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If humans can imagine life before birth, why is life after death so difficult to

If humans can imagine life before birth, why is life after death so difficult to imagine?

I'm not entirely sure I accept the assumption of your question: Is it really any more difficult to imagine life after death than life before death? Many philosophers have argued that it is difficult to imagine being dead because the act of imagination requires that one be alive. In other words, any attempt to imagine being dead is thereby a failure, some have argued. In imagining oneself dead, one must presuppose that there is a consciousness (a living one, presumably), so one cannot coherently imagine being dead — at least if that means imagining oneself being dead. Now if that's correct, then one similarly could not imagine the past before one existed. After all, in attempting to imagine the past, that would require you to be conscious and to be alive, etc. Of course, one might take this reasoning to show that it's not any harder to imagine life after death: Since we can imagine what existed before our birth, we can equally well imagine life after death.

So I'm not entirely convinced of the assumption. But supposing the assumption is correct, why might it be harder to imagine life after death than whatever existed before our births? I can think of two reasons.

The first is that the past is determinate, whereas the future is either indeterminate (what the future will be like has not been settled) or we don't what the future will be like. It's generally much easier to imagine what is determinate than what is indeterminate. It's easier for a parent to 'imagine' the child she already has than it is to easy to imagine the child he will have. Similarly, it's easier to conceptualize the past since we have a much better idea of what it's like: Imagining 1916, say, seems easier than imagining 2116.

Second, imagining life after death may be harder because it's harder to imagine the world after I'm able to exert causal power over it than it is to imagine the world prior to my being able to exert causal power. I have no ability to change the world prior to my existence. While alive, I have the ability to change the world. Once dead, I no longer have that ability. Perhaps there's something difficult about imagining a future state of the world that I cannot affect. After all, throughout my life, I have been able to affect the future. Once dead, despite that being the future, I can't effect it. And perhaps it's tough to imagine a future state of the world without also imagining that one can causally engage it.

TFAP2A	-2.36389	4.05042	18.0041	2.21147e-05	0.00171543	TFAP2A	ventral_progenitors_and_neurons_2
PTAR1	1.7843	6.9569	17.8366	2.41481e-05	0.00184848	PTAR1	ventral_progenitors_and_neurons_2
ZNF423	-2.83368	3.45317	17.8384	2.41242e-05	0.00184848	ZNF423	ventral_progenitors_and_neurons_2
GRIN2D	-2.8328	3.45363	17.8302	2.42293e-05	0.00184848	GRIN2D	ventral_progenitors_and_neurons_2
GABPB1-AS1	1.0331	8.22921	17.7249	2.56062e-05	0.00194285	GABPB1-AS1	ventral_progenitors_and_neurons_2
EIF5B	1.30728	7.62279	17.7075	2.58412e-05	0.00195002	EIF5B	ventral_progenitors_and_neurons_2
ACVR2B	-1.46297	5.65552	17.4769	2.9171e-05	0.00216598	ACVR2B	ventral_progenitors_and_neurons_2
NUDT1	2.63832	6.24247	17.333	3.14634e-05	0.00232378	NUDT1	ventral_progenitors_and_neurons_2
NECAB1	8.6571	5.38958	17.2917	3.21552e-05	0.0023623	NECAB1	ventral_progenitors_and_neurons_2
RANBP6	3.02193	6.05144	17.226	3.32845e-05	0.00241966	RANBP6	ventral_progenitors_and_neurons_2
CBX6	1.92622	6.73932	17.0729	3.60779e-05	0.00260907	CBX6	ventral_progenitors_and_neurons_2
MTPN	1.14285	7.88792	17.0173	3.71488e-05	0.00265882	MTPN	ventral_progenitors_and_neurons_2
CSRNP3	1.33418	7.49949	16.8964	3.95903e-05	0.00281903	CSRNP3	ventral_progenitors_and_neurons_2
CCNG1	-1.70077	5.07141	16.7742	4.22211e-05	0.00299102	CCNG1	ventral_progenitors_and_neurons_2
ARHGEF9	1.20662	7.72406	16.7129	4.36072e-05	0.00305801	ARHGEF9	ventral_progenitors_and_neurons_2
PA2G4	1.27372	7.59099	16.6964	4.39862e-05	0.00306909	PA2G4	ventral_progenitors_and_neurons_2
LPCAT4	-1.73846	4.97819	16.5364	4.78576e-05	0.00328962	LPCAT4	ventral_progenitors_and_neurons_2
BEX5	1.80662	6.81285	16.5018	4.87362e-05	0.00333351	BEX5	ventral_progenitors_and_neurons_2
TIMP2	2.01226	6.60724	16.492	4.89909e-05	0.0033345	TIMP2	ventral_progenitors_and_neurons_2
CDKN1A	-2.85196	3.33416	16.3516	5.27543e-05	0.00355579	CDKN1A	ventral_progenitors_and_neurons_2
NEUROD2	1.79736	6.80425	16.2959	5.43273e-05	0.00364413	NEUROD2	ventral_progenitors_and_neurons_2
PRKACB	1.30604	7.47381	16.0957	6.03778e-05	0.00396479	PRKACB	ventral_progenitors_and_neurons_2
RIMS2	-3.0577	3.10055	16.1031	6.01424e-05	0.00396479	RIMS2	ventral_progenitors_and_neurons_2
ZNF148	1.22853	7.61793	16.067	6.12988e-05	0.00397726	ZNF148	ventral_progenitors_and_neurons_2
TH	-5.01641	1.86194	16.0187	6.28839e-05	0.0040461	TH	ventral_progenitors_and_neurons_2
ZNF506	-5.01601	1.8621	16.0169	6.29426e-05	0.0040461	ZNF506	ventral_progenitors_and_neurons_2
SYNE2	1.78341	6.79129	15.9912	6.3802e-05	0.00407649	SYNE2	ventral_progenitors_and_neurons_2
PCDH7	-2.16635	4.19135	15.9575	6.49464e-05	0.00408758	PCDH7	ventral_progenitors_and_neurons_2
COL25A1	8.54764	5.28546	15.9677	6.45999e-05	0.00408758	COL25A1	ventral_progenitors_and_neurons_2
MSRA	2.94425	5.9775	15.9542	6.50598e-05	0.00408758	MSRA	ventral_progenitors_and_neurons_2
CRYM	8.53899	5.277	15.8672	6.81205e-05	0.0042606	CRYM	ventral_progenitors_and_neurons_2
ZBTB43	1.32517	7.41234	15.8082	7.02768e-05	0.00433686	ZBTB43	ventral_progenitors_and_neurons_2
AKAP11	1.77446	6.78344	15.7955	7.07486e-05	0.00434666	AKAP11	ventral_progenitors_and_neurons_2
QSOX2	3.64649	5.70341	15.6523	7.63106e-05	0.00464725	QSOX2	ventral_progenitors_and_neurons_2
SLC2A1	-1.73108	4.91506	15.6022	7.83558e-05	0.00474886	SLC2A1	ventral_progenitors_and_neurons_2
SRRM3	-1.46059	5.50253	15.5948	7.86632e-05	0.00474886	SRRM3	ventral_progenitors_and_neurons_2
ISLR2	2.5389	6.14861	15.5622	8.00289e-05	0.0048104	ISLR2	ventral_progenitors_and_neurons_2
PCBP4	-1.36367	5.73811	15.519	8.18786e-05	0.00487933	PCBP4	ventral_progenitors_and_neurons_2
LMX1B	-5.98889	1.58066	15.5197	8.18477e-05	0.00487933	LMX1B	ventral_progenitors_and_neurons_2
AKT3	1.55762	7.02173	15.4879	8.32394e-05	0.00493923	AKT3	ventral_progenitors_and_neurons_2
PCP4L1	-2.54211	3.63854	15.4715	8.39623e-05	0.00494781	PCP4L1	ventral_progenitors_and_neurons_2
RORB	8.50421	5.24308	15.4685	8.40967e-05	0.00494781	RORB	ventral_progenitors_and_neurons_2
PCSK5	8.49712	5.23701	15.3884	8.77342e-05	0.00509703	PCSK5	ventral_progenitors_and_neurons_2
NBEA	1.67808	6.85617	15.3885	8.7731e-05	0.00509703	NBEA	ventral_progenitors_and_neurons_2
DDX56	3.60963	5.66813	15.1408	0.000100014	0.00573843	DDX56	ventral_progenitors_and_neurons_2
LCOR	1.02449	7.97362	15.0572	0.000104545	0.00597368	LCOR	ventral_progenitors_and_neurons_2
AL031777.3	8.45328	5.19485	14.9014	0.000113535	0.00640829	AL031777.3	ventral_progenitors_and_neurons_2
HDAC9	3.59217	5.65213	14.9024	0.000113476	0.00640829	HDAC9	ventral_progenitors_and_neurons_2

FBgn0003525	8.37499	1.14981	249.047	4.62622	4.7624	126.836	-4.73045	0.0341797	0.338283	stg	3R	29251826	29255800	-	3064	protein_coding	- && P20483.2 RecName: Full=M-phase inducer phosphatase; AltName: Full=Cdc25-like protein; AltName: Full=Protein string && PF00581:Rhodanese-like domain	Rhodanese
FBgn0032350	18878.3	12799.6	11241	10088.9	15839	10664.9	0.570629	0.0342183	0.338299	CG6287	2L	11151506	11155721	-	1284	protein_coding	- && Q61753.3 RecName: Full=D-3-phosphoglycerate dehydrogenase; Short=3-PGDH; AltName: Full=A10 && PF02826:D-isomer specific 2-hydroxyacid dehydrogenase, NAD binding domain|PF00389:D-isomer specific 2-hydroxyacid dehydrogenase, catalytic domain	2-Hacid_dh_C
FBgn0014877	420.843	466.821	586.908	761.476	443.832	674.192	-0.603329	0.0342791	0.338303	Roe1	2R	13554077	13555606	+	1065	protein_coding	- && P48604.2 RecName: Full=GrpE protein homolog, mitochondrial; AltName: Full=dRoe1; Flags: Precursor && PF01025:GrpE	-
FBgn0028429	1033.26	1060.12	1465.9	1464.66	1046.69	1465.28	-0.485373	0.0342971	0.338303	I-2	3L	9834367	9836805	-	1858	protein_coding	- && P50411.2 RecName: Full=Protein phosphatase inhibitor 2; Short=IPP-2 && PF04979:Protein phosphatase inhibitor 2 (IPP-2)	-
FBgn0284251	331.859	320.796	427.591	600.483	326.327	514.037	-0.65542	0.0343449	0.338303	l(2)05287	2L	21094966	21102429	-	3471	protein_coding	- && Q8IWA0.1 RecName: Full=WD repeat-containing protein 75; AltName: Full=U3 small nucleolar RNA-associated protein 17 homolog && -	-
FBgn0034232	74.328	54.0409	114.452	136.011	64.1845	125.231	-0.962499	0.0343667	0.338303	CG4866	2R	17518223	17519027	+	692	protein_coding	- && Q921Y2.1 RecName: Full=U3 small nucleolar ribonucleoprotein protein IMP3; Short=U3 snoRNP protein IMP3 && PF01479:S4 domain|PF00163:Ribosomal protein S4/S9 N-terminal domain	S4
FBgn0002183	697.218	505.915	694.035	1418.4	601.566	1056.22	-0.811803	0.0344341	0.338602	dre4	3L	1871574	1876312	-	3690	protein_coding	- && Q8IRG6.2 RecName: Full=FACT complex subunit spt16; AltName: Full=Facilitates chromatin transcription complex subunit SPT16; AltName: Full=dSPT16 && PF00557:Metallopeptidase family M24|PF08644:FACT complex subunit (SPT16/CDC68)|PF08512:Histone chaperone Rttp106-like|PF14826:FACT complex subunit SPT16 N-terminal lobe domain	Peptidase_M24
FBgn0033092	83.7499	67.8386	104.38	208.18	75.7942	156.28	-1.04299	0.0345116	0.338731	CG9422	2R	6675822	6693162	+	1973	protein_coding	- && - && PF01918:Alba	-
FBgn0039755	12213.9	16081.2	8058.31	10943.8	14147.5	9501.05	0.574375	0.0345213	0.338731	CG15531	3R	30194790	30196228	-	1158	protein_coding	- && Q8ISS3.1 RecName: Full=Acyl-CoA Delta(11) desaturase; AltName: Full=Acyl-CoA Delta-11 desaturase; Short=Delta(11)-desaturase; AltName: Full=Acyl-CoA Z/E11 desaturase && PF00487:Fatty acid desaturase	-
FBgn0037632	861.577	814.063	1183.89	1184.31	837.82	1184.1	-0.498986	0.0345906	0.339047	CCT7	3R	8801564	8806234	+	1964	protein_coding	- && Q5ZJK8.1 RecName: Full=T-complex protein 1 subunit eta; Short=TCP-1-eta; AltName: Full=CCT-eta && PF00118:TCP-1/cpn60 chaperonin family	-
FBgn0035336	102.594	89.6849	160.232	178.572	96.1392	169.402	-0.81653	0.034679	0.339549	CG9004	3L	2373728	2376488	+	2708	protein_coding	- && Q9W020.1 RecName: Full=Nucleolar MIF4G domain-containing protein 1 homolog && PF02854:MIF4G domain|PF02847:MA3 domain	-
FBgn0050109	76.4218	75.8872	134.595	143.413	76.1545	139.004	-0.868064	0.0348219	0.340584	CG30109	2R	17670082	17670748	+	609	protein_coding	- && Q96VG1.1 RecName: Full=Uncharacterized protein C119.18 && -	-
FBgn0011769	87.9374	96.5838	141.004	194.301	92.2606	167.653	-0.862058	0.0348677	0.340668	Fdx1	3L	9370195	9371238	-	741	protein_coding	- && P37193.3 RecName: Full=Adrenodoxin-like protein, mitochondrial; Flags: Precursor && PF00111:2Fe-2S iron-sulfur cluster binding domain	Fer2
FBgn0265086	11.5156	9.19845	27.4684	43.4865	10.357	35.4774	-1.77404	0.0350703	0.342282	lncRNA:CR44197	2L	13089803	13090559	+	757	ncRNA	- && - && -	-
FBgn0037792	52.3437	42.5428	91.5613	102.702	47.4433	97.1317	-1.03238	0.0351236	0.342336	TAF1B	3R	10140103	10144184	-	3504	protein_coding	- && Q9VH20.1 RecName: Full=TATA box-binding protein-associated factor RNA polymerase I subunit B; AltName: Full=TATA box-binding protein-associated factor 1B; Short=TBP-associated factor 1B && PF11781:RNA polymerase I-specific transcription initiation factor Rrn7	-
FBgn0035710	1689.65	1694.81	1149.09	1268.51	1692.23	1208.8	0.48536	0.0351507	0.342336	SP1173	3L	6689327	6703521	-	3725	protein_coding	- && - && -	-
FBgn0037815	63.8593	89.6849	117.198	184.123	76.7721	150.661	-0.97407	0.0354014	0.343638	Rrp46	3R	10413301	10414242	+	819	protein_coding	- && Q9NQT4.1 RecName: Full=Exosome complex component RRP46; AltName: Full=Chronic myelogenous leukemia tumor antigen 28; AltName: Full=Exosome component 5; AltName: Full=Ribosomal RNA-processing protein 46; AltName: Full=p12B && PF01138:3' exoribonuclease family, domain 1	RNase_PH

(Incidentally, you may the Lucretian asymmetry problem of interest: http://plato.stanford.edu/entries/death/#3)

I'm not entirely sure I accept the assumption of your question: Is it really any more difficult to imagine life after death than life before death? Many philosophers have argued that it is difficult to imagine being dead because the act of imagination requires that one be alive. In other words, any attempt to imagine being dead is thereby a failure, some have argued. In imagining oneself dead, one must presuppose that there is a consciousness (a living one, presumably), so one cannot coherently imagine being dead — at least if that means imagining oneself being dead. Now if that's correct, then one similarly could not imagine the past before one existed. After all, in attempting to imagine the past, that would require you to be conscious and to be alive, etc. Of course, one might take this reasoning to show that it's not any harder to imagine life after death: Since we can imagine what existed before our birth, we can equally well imagine life after death. So I'm not entirely convinced of the...